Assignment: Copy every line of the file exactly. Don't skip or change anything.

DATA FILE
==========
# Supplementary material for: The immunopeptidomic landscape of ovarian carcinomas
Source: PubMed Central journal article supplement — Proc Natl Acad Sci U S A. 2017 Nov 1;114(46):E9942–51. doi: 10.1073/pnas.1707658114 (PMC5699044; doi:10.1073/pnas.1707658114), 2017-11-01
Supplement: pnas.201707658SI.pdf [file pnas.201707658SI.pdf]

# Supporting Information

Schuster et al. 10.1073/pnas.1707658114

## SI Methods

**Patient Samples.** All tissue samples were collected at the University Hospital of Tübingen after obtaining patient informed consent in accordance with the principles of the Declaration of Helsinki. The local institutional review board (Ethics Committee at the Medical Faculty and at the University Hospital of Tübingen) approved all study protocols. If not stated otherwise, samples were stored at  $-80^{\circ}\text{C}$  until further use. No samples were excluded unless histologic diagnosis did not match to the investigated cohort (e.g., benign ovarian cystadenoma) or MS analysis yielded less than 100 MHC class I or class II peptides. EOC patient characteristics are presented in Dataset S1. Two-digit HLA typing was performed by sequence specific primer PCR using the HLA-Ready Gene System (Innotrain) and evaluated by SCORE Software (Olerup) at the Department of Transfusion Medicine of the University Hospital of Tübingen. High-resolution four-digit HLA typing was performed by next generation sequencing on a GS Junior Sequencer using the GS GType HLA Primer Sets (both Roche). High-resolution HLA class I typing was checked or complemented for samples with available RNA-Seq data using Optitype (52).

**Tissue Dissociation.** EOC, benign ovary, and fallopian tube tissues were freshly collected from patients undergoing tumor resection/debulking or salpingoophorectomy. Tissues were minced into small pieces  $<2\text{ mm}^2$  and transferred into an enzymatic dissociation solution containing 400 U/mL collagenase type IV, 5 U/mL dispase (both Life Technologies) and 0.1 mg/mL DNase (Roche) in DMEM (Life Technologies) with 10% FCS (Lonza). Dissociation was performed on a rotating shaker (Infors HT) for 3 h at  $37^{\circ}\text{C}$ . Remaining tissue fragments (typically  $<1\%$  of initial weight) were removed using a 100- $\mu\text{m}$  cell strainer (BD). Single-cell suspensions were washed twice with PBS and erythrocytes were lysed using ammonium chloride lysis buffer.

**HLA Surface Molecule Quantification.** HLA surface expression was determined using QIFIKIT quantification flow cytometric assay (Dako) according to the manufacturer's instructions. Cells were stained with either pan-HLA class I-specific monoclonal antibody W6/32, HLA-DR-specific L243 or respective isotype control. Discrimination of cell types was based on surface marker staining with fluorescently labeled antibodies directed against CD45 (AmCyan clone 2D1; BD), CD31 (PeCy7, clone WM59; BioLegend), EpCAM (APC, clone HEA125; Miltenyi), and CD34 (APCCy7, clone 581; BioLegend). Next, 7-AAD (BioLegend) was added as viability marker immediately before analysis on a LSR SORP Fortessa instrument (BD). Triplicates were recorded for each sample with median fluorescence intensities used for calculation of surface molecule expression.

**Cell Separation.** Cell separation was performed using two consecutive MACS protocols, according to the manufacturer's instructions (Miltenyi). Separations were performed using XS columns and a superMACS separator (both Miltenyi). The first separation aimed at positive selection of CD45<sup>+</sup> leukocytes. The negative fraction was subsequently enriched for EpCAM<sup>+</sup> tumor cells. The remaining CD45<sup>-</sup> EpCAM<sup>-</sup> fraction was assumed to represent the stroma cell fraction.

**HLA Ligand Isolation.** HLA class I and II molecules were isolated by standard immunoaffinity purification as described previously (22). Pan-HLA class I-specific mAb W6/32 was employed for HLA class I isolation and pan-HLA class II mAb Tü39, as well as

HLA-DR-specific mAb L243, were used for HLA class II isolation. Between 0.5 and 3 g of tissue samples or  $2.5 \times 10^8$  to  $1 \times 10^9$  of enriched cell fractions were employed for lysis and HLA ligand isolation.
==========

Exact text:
# Supplementary material for: The immunopeptidomic landscape of ovarian carcinomas
Source: PubMed Central journal article supplement — Proc Natl Acad Sci U S A. 2017 Nov 1;114(46):E9942–51. doi: 10.1073/pnas.1707658114 (PMC5699044; doi:10.1073/pnas.1707658114), 2017-11-01
Supplement: pnas.201707658SI.pdf [file pnas.201707658SI.pdf]

# Supporting Information

Schuster et al. 10.1073/pnas.1707658114

## SI Methods

**Patient Samples.** All tissue samples were collected at the University Hospital of Tübingen after obtaining patient informed consent in accordance with the principles of the Declaration of Helsinki. The local institutional review board (Ethics Committee at the Medical Faculty and at the University Hospital of Tübingen) approved all study protocols. If not stated otherwise, samples were stored at  $-80^{\circ}\text{C}$  until further use. No samples were excluded unless histologic diagnosis did not match to the investigated cohort (e.g., benign ovarian cystadenoma) or MS analysis yielded less than 100 MHC class I or class II peptides. EOC patient characteristics are presented in Dataset S1. Two-digit HLA typing was performed by sequence specific primer PCR using the HLA-Ready Gene System (Innotrain) and evaluated by SCORE Software (Olerup) at the Department of Transfusion Medicine of the University Hospital of Tübingen. High-resolution four-digit HLA typing was performed by next generation sequencing on a GS Junior Sequencer using the GS GType HLA Primer Sets (both Roche). High-resolution HLA class I typing was checked or complemented for samples with available RNA-Seq data using Optitype (52).

**Tissue Dissociation.** EOC, benign ovary, and fallopian tube tissues were freshly collected from patients undergoing tumor resection/debulking or salpingoophorectomy. Tissues were minced into small pieces  $<2\text{ mm}^2$  and transferred into an enzymatic dissociation solution containing 400 U/mL collagenase type IV, 5 U/mL dispase (both Life Technologies) and 0.1 mg/mL DNase (Roche) in DMEM (Life Technologies) with 10% FCS (Lonza). Dissociation was performed on a rotating shaker (Infors HT) for 3 h at  $37^{\circ}\text{C}$ . Remaining tissue fragments (typically  $<1\%$  of initial weight) were removed using a 100- $\mu\text{m}$  cell strainer (BD). Single-cell suspensions were washed twice with PBS and erythrocytes were lysed using ammonium chloride lysis buffer.

**HLA Surface Molecule Quantification.** HLA surface expression was determined using QIFIKIT quantification flow cytometric assay (Dako) according to the manufacturer's instructions. Cells were stained with either pan-HLA class I-specific monoclonal antibody W6/32, HLA-DR-specific L243 or respective isotype control. Discrimination of cell types was based on surface marker staining with fluorescently labeled antibodies directed against CD45 (AmCyan clone 2D1; BD), CD31 (PeCy7, clone WM59; BioLegend), EpCAM (APC, clone HEA125; Miltenyi), and CD34 (APCCy7, clone 581; BioLegend). Next, 7-AAD (BioLegend) was added as viability marker immediately before analysis on a LSR SORP Fortessa instrument (BD). Triplicates were recorded for each sample with median fluorescence intensities used for calculation of surface molecule expression.

**Cell Separation.** Cell separation was performed using two consecutive MACS protocols, according to the manufacturer's instructions (Miltenyi). Separations were performed using XS columns and a superMACS separator (both Miltenyi). The first separation aimed at positive selection of CD45<sup>+</sup> leukocytes. The negative fraction was subsequently enriched for EpCAM<sup>+</sup> tumor cells. The remaining CD45<sup>-</sup> EpCAM<sup>-</sup> fraction was assumed to represent the stroma cell fraction.

**HLA Ligand Isolation.** HLA class I and II molecules were isolated by standard immunoaffinity purification as described previously (22). Pan-HLA class I-specific mAb W6/32 was employed for HLA class I isolation and pan-HLA class II mAb Tü39, as well as

HLA-DR-specific mAb L243, were used for HLA class II isolation. Between 0.5 and 3 g of tissue samples or  $2.5 \times 10^8$  to  $1 \times 10^9$  of enriched cell fractions were employed for lysis and HLA ligand isolation.